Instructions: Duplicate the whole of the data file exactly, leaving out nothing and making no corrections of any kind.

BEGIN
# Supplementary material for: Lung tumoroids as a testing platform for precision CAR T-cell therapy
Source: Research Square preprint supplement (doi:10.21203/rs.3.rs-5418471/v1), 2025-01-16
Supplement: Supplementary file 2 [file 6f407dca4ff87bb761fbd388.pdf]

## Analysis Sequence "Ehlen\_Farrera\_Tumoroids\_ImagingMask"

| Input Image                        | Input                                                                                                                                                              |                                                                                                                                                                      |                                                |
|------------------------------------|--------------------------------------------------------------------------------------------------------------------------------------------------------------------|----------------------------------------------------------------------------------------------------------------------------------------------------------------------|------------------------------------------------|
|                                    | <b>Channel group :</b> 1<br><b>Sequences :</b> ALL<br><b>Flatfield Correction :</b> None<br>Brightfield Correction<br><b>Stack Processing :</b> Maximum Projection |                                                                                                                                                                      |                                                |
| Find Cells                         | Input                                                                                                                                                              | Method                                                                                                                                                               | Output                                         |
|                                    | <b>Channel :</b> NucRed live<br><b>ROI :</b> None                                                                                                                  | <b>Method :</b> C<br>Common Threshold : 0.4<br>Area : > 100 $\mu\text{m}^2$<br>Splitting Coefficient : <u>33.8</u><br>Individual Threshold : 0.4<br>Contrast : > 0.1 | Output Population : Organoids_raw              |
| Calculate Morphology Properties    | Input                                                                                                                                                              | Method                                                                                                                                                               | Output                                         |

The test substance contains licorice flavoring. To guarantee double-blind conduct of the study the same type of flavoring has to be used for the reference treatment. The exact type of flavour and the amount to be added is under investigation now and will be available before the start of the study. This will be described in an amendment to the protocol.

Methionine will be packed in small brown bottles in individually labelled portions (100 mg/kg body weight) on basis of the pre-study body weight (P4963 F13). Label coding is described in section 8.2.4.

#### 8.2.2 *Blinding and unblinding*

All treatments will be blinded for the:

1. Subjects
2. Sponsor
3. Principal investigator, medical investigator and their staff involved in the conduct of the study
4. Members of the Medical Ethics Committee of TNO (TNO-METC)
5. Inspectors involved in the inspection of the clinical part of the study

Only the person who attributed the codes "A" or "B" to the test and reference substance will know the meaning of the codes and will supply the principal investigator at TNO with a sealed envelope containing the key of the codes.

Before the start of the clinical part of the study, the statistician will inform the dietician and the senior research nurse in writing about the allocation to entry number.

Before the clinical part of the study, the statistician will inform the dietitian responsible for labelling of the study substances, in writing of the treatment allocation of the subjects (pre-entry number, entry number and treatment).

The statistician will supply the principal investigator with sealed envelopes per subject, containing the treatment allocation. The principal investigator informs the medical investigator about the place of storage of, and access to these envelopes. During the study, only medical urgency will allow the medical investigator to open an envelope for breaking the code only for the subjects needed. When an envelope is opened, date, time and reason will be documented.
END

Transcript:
# Supplementary material for: Lung tumoroids as a testing platform for precision CAR T-cell therapy
Source: Research Square preprint supplement (doi:10.21203/rs.3.rs-5418471/v1), 2025-01-16
Supplement: Supplementary file 2 [file 6f407dca4ff87bb761fbd388.pdf]

## Analysis Sequence "Ehlen\_Farrera\_Tumoroids\_ImagingMask"

| Input Image                        | Input                                                                                                                                                              |                                                                                                                                                                      |                                                |
|------------------------------------|--------------------------------------------------------------------------------------------------------------------------------------------------------------------|----------------------------------------------------------------------------------------------------------------------------------------------------------------------|------------------------------------------------|
|                                    | <b>Channel group :</b> 1<br><b>Sequences :</b> ALL<br><b>Flatfield Correction :</b> None<br>Brightfield Correction<br><b>Stack Processing :</b> Maximum Projection |                                                                                                                                                                      |                                                |
| Find Cells                         | Input                                                                                                                                                              | Method                                                                                                                                                               | Output                                         |
|                                    | <b>Channel :</b> NucRed live<br><b>ROI :</b> None                                                                                                                  | <b>Method :</b> C<br>Common Threshold : 0.4<br>Area : > 100 $\mu\text{m}^2$<br>Splitting Coefficient : <u>33.8</u><br>Individual Threshold : 0.4<br>Contrast : > 0.1 | Output Population : Organoids_raw              |
| Calculate Morphology Properties    | Input                                                                                                                                                              | Method                                                                                                                                                               | Output                                         |

The test substance contains licorice flavoring. To guarantee double-blind conduct of the study the same type of flavoring has to be used for the reference treatment. The exact type of flavour and the amount to be added is under investigation now and will be available before the start of the study. This will be described in an amendment to the protocol.

Methionine will be packed in small brown bottles in individually labelled portions (100 mg/kg body weight) on basis of the pre-study body weight (P4963 F13). Label coding is described in section 8.2.4.

#### 8.2.2 *Blinding and unblinding*

All treatments will be blinded for the:

1. Subjects
2. Sponsor
3. Principal investigator, medical investigator and their staff involved in the conduct of the study
4. Members of the Medical Ethics Committee of TNO (TNO-METC)
5. Inspectors involved in the inspection of the clinical part of the study

Only the person who attributed the codes "A" or "B" to the test and reference substance will know the meaning of the codes and will supply the principal investigator at TNO with a sealed envelope containing the key of the codes.

Before the start of the clinical part of the study, the statistician will inform the dietician and the senior research nurse in writing about the allocation to entry number.

Before the clinical part of the study, the statistician will inform the dietitian responsible for labelling of the study substances, in writing of the treatment allocation of the subjects (pre-entry number, entry number and treatment).

The statistician will supply the principal investigator with sealed envelopes per subject, containing the treatment allocation. The principal investigator informs the medical investigator about the place of storage of, and access to these envelopes. During the study, only medical urgency will allow the medical investigator to open an envelope for breaking the code only for the subjects needed. When an envelope is opened, date, time and reason will be documented.